[The battleground scene pulls back to show itself as a film presented by a general.]
General: Well, of course, warfare isn't all fun. Right — stop that! It's all very well to laugh at the military, but when one considers the meaning of life, it is a struggle between alternative viewpoints of life itself. And without the ability to defend one's own viewpoint against other perhaps more aggressive ideologies, then reasonableness and moderation could, quite simply, disappear! That is why we'll always need an army, and may God strike me down were it to be otherwise.
[A lightning bolt destroys the general. Cut to outside, where the Hand of God rises into the clouds. A sergeant major stands before his troops.]
Sergeant Major: DON'T STAND THERE GAWPING! LIKE YOU'VE NEVER SEEN THE HAND O' GOD BEFORE!
Sergeant Major: RIGHT! TODAY WE ARE GOING TO GO MARCHING UP AND DOWN THE SQUARE! That is, unless any of you has got anything better to do? WELL?! Anyone got anything they'd rather be doing than marching up and down the square?
[Atkinson tentatively raises a hand]:
Sergeant Major: Yes? Atkinson? :[strides over and stares him contemptuously in the face]: What would you rather be doing, Atkinson?
Atkinson: Well, frankly, sir, rather be at home with the wife and kids.
Sergeant Major: WOULD YOU, NOW?!
Atkinson: Yes, sir.
Sergeant Major: Right! Off you go. Now, everybody else happy with my little plan of marching up and down the square a bit?
Soldier: Sarge?
Sergeant Major: Yes?
Soldier: I've got a book I'd quite like to read.
Sergeant Major: Right, you go read your book then. Now, everybody else quite content to join in with my little scheme of marching up and down the square?
Whickley: Sarge?
Sergeant Major: What is it, Whickley?
Whickley: Well, I'm, er...learning the piano.
Sergeant Major: LEARNING THE PIANO?!
Whickley: Yes, Sarge.
Sergeant Major: And I suppose you'd like to go practice, eh? [starts talking much faster] Marching up and down the square not good enough for you, eh?
Whickley: Yes, Sarge.
Sergeant Major: Right! Off you go. What about the rest of you? Rather be off to the pictures, I suppose. [the soldier murmur agreement] ALL RIGHT! Off you go. [they disperse; Sergeant Major turns to camera] Bloody Army, don't know what it's coming to! Right! Sergeant Major marching up and down the square! Left, right, left...
Ainsworth: Ah, morning, Perkins.
Perkins: Thank you, sir.
Ainsworth: What's all the trouble, then?
Perkins: Bitten, sir, during the night.
Ainsworth: [examining the wound] Hmm. Whole leg gone, eh?
Perkins: Yes.
Ainsworth: How's it feel?
Perkins: Stings a bit.
Ainsworth: Hmm. Well, it would, wouldn't it. That's, er...quite a bite you've got there.
Perkins: Yes, real beauty, isn't it?
Ainsworth: Any idea how it happened?
Perkins: None whatsoever, complete mystery to me. Woke up just now, one sock too many!
Pakenham-Walsh: [staring through the massive hole in Perkins's mosquito netting] You must have a hell of a hole in your net...
Ainsworth: Well, we sent for the doctor.
Perkins: Oh, hardly worth it, is it?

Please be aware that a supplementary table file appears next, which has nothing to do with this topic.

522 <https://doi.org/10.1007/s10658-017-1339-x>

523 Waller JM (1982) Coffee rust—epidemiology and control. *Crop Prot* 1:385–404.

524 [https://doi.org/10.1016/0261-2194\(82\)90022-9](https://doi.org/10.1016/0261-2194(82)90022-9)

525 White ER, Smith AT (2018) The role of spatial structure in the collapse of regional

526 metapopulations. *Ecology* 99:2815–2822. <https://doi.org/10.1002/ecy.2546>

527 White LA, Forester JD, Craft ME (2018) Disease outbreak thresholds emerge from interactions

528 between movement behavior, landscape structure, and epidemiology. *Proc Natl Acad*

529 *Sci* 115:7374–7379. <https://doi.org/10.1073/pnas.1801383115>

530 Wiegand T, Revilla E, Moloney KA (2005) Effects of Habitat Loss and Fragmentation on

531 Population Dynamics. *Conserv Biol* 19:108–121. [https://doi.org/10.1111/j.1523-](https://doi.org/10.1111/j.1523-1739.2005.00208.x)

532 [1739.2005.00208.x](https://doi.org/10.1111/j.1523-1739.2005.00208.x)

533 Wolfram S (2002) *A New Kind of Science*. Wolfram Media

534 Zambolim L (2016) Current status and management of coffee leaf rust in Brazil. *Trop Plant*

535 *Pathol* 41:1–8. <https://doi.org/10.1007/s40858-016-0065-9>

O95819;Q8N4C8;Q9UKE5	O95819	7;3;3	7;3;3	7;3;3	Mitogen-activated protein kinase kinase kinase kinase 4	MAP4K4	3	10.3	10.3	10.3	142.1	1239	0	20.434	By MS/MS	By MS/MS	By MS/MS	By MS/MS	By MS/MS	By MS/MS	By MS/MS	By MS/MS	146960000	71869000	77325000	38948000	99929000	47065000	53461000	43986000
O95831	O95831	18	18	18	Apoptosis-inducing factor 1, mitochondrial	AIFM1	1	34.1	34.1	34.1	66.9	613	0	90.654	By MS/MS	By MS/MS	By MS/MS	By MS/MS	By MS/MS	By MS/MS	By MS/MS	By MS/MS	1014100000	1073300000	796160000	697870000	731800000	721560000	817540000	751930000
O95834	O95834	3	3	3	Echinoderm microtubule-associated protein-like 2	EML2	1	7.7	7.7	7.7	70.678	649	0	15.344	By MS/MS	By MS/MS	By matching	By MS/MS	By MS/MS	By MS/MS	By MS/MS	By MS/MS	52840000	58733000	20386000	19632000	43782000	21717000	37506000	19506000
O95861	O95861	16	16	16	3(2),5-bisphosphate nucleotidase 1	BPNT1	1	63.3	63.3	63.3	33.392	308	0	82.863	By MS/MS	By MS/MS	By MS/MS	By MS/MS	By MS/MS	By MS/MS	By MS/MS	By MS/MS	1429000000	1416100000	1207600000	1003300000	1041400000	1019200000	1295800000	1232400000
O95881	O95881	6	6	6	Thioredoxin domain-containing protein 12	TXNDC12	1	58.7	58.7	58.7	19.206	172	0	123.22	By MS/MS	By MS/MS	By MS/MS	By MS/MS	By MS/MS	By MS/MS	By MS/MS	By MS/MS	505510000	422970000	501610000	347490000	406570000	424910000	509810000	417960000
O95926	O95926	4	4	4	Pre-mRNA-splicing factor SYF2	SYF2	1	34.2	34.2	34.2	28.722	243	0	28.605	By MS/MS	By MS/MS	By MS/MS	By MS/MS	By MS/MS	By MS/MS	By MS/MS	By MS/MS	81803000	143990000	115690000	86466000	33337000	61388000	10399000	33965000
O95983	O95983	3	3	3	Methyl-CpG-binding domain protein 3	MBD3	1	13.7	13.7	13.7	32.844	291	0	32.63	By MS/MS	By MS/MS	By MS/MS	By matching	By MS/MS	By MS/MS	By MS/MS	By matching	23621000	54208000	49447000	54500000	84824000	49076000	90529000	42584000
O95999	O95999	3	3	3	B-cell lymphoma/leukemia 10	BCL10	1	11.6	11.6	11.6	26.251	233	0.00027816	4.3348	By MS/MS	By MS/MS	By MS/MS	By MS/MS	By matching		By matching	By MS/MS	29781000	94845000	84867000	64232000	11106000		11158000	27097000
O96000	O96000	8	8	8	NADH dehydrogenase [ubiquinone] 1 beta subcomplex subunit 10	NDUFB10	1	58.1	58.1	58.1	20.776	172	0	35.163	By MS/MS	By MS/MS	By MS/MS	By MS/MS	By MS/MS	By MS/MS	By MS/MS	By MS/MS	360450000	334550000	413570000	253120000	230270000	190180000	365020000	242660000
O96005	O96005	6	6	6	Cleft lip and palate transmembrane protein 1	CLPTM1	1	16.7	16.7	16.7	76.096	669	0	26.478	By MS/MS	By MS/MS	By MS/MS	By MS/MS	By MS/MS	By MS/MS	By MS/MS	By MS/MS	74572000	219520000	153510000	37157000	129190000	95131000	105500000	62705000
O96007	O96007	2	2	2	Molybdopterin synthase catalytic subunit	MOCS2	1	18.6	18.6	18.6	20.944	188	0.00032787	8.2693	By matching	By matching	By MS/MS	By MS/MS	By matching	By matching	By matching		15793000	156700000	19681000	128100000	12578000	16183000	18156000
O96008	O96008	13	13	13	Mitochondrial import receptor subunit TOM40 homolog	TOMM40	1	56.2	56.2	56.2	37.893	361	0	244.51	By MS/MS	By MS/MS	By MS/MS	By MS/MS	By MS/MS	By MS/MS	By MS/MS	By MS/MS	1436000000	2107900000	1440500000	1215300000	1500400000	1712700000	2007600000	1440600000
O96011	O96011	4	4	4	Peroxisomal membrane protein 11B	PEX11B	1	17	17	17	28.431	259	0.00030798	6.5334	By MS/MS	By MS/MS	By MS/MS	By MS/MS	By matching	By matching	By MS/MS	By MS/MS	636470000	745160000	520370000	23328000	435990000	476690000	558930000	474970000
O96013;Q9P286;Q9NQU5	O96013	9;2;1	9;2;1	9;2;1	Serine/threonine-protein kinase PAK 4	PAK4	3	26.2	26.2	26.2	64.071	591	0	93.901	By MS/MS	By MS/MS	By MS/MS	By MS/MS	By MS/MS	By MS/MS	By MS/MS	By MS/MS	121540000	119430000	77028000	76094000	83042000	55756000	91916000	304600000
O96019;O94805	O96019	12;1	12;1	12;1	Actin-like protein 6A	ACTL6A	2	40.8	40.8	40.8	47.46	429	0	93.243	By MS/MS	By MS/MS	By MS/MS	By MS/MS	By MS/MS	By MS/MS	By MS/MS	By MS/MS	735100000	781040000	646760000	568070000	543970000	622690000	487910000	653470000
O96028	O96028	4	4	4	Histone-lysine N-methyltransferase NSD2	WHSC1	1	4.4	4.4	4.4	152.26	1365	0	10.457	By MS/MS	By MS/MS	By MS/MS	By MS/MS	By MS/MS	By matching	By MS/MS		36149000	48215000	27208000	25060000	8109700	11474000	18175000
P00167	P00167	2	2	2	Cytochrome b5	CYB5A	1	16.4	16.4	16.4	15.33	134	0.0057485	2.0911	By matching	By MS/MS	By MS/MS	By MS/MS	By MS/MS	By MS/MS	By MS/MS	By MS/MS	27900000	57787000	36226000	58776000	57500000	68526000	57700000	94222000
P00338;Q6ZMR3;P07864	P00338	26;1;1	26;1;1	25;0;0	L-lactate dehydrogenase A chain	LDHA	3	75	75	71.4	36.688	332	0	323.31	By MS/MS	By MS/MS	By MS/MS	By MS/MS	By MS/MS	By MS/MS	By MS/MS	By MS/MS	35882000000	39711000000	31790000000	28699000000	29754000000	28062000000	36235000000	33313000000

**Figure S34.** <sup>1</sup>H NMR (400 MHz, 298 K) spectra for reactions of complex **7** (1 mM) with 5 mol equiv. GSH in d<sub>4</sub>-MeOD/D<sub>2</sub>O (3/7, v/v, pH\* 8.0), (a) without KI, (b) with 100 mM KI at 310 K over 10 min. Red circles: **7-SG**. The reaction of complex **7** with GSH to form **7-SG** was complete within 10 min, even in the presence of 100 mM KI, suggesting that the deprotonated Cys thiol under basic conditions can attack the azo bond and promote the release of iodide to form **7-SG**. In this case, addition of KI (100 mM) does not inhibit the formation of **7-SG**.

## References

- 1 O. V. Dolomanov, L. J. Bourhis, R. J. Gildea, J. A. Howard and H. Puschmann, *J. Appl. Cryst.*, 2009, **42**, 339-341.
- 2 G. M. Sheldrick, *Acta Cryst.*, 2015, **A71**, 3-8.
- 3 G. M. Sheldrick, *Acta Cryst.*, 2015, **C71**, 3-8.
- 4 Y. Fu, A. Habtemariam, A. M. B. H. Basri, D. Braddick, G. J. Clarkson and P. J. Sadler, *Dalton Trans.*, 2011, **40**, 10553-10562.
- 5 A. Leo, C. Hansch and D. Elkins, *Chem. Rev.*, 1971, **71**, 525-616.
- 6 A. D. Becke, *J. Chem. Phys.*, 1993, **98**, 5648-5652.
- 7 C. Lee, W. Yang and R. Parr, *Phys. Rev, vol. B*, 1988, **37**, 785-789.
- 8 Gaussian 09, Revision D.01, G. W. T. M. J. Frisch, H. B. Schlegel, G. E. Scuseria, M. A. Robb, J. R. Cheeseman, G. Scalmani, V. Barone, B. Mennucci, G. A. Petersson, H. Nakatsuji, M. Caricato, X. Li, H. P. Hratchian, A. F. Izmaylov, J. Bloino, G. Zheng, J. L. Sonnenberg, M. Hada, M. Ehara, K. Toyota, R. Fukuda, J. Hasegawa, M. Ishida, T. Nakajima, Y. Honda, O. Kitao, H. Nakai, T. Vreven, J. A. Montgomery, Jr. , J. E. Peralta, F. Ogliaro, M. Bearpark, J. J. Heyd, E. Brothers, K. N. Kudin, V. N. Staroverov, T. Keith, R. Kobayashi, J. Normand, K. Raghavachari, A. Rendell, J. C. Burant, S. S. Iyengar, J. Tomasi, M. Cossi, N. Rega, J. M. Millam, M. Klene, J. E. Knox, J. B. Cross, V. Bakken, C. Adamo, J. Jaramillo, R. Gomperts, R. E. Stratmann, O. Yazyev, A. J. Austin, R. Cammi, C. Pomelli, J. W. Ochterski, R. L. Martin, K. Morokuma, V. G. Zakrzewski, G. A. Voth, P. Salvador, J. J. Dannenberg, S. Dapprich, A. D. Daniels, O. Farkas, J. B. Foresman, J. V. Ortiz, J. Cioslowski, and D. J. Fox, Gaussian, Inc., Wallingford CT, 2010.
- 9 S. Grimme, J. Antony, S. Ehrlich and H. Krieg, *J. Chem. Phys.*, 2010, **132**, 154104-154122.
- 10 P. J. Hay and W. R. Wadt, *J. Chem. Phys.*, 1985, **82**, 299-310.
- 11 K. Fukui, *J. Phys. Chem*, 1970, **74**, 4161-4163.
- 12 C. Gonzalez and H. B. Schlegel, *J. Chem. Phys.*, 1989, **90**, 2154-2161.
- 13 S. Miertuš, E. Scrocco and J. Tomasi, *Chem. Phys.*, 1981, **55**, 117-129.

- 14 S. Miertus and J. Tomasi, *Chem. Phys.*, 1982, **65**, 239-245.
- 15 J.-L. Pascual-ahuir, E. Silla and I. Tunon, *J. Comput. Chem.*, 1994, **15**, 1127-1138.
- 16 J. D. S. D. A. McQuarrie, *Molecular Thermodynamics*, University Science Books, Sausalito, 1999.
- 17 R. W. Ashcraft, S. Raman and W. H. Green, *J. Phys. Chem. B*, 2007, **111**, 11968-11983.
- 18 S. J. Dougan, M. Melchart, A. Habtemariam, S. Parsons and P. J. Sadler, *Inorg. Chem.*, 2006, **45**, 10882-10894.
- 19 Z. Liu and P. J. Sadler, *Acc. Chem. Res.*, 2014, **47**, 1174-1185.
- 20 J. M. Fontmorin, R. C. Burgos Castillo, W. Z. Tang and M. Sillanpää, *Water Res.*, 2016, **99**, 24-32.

Ainsworth: Oh, yes, better safe than sorry...
Pakenham-Walsh: [finally noticing the hole after having peered around it for several seconds] Yes, good Lord, look at this!
Ainsworth: By Jove! That's enormous!
Pakenham-Walsh: You don't think it'll come back, do you?
Ainsworth: For more, you mean. You're right, we'd better get this stitched.
[During the 1st Zulu War (1879) in Glasgow Natal]
Ainsworth: Hello, Doctor, during the night, Ol' Perkins here got his leg bitten sort of ... off.
Dr. Livingstone: Oh, really? Well, let's take a look at this one leg of yours. [prods with the tip of his pipe] Yes, yes, yes, yes. Yes, yes. Yes, well, this is nothing to worry about.
Perkins: Oh, good.
Dr. Livingstone: Eh, there's a lot of it about — probably a virus. Keep warm, plenty of rest, and if you're playing any football try and favor the other leg.
. . .
Perkins: So, it'll, uh... it'll just grow back again, will it?
Dr. Livingstone: Ah... I think I'd... better come clean with you about this. It's, um... it's... not a virus, I'm afraid. You see, a virus is what we doctors call "very, very small". So small, it could not possibly have made off with the whole leg. What we're looking here for is, I think — and this is no more than an educated guess, I'd like to make that clear — is some multicellular life form with stripes, huge, razor-sharp teeth about eleven feet long, and of the genus felis horribilis — what we doctors, in fact, call a tiger.
Ainsworth, Pakenham-Walsh, Perkins: [in unison] A tiger?
[Outside, the British troops and the Zulus cease fighting.]
British Troops, Zulus: A tiger?
[As the Zulus flee, the British troops collapse to the ground. Back in the medical tent...]
Pakenham-Walsh: A tiger, in Africa?
Ainsworth: Hmm?
Pakenham-Walsh: A tiger, in Africa?!
Ainsworth: Ah, well, it- it has... probably escaped from a zoo.
Pakenham-Walsh: Doesn't sound very likely to me.
Soldier: Here is better than home, eh, sir? I mean, at home if you kill someone they arrest you, here they'll give you a gun and show you what to do, sir. I mean, I killed fifteen of those buggers. Now, at home they'd hang me, here they'll give me a ****ing medal, sir.
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